The Son of Tarzan

By Edgar Rice Burroughs

Page 54

the ape lay up while the former recovered
from the painful wounds inflicted by the sharp thorns. The great
anthropoid licked the wounds of his human friend, nor, aside from this,
did they receive other treatment, but they soon healed, for healthy
flesh quickly replaces itself.

When the lad felt fit again the two continued their journey toward the
coast, and once more the boy's mind was filled with pleasurable
anticipation.

And at last the much dreamed of moment came. They were passing through
a tangled forest when the boy's sharp eyes discovered from the lower
branches through which he was traveling an old but well-marked spoor--a
spoor that set his heart to leaping--the spoor of man, of white men,
for among the prints of naked feet were the well defined outlines of
European made boots. The trail, which marked the passage of a
good-sized company, pointed north at right angles to the course the boy
and the ape were taking toward the coast.

Doubtless these white men knew the nearest coast settlement. They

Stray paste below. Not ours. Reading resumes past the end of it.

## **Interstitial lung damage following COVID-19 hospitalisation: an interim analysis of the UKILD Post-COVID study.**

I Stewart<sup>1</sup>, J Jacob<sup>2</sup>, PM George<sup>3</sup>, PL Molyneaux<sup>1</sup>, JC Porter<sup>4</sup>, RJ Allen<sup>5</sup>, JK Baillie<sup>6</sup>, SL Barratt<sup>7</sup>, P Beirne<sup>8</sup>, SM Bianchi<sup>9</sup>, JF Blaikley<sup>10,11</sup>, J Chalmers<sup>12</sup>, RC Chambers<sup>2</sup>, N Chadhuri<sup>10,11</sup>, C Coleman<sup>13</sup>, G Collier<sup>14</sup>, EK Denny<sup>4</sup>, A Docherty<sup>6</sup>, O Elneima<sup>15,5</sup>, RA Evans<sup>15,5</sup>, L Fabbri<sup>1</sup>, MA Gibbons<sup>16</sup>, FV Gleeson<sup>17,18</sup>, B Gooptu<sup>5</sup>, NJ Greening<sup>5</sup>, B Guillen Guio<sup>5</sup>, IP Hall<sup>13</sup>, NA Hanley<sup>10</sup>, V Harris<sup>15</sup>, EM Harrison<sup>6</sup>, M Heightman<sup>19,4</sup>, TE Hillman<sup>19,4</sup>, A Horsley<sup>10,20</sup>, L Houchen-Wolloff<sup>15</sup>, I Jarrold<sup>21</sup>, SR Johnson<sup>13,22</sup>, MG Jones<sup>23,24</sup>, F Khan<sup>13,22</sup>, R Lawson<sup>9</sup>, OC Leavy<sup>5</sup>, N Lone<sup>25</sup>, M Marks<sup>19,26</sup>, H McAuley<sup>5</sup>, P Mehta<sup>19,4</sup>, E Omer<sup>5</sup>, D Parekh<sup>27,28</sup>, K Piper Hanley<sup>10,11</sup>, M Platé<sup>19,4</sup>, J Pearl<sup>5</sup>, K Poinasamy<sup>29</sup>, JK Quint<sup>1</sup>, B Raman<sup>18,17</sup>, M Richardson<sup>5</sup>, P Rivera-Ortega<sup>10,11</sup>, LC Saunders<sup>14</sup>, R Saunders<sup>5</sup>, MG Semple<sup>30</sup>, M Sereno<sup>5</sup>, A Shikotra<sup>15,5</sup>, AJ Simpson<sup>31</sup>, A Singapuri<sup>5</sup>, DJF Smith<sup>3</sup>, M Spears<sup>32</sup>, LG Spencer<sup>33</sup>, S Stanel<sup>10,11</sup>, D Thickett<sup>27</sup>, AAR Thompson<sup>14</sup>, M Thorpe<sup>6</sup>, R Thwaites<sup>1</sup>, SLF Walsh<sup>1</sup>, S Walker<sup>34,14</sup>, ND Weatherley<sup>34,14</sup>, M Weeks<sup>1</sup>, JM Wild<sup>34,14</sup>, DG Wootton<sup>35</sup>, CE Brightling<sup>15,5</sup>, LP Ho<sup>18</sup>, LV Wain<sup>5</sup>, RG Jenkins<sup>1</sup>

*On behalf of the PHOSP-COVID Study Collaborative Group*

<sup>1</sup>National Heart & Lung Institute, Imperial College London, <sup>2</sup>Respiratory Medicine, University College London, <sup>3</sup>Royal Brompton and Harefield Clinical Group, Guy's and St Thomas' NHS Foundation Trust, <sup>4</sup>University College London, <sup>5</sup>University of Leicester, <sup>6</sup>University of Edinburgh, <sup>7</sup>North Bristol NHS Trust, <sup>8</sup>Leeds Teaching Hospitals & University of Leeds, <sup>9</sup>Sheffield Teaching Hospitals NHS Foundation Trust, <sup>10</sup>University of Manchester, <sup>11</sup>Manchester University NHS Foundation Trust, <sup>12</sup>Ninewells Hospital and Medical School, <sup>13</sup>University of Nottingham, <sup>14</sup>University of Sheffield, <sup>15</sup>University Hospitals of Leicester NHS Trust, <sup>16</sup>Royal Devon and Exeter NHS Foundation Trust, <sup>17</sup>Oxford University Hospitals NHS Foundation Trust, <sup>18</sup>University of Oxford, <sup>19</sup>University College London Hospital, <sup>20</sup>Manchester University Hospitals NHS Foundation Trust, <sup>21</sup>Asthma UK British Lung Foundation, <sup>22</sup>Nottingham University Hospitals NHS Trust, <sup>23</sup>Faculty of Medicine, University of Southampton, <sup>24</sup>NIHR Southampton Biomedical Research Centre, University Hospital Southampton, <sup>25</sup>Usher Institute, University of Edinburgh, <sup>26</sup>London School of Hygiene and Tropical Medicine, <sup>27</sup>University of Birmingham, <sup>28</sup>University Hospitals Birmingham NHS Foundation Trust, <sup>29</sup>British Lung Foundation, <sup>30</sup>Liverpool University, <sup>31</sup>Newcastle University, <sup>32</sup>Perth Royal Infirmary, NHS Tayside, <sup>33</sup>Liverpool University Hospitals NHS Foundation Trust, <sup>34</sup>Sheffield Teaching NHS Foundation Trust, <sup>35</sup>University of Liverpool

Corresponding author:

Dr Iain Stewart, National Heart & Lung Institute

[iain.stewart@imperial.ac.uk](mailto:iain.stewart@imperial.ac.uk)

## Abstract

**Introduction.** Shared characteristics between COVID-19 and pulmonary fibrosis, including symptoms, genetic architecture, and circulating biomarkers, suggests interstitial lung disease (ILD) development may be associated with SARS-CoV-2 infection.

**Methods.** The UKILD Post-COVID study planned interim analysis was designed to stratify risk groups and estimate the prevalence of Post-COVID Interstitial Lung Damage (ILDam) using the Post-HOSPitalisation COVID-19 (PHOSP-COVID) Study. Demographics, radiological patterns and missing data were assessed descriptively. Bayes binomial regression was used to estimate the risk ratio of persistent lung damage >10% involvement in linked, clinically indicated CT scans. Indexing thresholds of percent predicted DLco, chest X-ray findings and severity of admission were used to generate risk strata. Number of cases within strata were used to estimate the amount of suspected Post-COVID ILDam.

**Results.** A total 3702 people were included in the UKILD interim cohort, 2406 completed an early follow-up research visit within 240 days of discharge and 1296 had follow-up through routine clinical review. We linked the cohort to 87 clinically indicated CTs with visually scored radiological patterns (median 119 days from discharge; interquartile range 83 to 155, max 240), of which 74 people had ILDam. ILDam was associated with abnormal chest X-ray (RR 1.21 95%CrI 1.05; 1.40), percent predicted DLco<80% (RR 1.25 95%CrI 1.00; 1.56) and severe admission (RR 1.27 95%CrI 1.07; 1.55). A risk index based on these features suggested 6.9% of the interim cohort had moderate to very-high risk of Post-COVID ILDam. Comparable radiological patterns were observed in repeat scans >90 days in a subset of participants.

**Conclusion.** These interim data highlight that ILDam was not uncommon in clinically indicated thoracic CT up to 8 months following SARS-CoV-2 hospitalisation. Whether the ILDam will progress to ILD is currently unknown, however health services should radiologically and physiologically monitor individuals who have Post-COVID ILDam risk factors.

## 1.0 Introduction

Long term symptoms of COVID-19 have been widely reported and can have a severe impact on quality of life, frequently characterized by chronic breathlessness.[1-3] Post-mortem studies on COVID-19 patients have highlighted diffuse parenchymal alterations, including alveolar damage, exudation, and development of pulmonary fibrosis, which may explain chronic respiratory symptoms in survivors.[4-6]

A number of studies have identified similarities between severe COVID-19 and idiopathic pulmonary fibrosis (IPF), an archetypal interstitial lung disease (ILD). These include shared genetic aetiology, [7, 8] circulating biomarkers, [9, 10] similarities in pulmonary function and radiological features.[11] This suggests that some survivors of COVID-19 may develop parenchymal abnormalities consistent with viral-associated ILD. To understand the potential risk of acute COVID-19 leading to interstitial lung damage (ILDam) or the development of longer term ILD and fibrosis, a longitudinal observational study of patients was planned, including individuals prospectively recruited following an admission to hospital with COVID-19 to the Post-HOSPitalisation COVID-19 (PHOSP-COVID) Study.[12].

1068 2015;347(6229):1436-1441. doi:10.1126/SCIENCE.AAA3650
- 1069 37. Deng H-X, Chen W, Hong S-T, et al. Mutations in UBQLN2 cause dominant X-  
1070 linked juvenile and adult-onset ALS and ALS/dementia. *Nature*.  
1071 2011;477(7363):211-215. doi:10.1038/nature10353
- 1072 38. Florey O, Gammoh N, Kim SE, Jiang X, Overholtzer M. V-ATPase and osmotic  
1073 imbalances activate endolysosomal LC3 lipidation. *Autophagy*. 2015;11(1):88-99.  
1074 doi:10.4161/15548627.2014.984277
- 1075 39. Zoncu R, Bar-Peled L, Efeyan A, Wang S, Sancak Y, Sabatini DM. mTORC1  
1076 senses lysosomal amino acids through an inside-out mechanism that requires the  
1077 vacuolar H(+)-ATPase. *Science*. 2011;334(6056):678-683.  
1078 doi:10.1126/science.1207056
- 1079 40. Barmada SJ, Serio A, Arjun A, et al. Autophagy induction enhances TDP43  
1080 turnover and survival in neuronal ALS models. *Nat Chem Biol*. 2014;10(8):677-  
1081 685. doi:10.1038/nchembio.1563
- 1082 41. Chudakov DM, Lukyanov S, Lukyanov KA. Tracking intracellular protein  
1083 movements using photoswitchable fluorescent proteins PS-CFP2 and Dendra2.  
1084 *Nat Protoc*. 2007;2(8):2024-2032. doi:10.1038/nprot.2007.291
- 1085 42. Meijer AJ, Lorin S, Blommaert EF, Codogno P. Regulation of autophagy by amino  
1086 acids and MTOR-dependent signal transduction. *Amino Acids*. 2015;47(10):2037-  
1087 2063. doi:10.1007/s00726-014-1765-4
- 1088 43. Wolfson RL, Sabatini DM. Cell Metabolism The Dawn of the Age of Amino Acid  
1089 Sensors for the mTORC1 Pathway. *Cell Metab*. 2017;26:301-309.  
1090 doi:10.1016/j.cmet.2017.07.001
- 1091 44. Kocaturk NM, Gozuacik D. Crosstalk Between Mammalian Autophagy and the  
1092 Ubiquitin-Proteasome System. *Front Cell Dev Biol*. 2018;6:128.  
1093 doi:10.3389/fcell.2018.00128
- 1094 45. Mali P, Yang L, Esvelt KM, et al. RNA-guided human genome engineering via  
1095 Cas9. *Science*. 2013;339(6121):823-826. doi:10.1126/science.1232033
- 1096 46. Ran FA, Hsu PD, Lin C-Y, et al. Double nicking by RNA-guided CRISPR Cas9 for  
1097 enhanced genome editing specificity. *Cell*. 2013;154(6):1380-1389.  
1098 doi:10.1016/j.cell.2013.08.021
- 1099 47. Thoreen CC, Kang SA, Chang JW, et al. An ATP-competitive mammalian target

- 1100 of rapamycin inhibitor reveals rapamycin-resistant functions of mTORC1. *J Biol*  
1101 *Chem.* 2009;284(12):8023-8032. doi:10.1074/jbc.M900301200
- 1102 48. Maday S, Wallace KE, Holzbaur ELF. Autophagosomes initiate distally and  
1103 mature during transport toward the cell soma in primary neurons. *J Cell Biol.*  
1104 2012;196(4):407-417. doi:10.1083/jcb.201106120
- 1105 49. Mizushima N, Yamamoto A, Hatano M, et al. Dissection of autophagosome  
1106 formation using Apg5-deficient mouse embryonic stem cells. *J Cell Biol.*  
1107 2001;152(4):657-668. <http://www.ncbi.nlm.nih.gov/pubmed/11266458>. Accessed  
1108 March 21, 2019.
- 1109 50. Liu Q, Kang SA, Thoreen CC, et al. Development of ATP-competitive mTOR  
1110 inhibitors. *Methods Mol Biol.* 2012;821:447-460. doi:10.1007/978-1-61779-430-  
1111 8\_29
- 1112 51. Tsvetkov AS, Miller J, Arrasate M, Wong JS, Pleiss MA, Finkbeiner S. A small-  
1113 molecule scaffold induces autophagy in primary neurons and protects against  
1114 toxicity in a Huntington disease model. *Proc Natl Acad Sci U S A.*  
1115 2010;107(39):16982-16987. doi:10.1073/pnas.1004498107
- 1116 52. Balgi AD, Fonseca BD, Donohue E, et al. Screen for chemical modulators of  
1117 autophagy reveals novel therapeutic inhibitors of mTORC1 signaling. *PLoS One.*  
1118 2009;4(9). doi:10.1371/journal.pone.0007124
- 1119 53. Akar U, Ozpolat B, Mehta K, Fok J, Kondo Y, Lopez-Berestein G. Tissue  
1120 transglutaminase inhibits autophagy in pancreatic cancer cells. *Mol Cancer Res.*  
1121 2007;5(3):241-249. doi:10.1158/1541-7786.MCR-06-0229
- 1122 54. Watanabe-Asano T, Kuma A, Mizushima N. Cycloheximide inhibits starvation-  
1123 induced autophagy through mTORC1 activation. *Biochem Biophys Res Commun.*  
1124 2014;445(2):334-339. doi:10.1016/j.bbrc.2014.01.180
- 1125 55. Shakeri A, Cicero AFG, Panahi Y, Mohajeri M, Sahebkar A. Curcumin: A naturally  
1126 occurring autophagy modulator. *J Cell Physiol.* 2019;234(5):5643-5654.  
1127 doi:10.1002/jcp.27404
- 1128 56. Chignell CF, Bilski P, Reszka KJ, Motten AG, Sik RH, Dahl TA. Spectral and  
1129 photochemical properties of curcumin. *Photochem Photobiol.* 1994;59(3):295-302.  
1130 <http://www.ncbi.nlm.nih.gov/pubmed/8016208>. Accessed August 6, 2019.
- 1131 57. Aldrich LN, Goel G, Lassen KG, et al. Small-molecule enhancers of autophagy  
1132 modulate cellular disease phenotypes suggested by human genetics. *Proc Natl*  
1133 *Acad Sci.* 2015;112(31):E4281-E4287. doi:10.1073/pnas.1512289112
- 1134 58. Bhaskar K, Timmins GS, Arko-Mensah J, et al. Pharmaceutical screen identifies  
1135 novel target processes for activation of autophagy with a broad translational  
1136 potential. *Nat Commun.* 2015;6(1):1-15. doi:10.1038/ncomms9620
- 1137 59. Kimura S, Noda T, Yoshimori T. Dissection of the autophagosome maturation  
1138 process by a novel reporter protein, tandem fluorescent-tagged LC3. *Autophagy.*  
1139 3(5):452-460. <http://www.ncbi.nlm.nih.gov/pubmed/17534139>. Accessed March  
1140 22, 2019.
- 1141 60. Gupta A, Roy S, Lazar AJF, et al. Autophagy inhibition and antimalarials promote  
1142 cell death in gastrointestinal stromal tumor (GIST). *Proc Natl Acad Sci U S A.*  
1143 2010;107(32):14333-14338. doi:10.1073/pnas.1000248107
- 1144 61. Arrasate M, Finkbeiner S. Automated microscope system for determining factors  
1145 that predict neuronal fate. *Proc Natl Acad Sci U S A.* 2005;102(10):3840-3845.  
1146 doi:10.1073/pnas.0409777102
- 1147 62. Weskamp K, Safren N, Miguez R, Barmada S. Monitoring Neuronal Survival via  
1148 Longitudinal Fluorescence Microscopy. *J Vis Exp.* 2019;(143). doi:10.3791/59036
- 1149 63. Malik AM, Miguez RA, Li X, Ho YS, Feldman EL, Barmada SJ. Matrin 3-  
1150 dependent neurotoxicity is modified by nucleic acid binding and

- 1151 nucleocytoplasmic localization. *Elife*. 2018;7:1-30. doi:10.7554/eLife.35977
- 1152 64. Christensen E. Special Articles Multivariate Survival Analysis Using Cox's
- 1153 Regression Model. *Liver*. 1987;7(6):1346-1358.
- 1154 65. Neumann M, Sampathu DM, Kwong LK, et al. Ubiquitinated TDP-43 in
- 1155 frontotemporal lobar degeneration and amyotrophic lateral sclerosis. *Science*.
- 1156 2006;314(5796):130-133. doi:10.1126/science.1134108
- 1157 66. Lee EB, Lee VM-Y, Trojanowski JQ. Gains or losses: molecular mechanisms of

might even be headed for it now. At any rate it would be worth while
overtaking them if even only for the pleasure of meeting again
creatures of his own kind. The lad was all excitement; palpitant with
eagerness to be off in pursuit. Akut demurred. He wanted nothing of
men. To him the lad was a fellow ape, for he was the son of the king
of apes. He tried to dissuade the boy, telling him that soon they
should come upon a tribe of their own folk where some day when he was
older the boy should be king as his father had before him. But Jack
was obdurate. He insisted that he wanted to see white men again. He
wanted to send a message to his parents. Akut listened and as he
listened the intuition of the beast suggested the truth to him--the boy
was planning to return to his own kind.

The thought filled the old ape with sorrow. He loved the boy as he had
loved the father, with the loyalty and faithfulness of a hound for its
master. In his ape brain and his ape heart he had nursed the hope that
he and the lad would never be separated. He saw all his fondly
cherished plans fading away, and yet he remained loyal to the lad and
to his wishes. Though disconsolate he gave in to the boy's
determination to pursue the safari of the white

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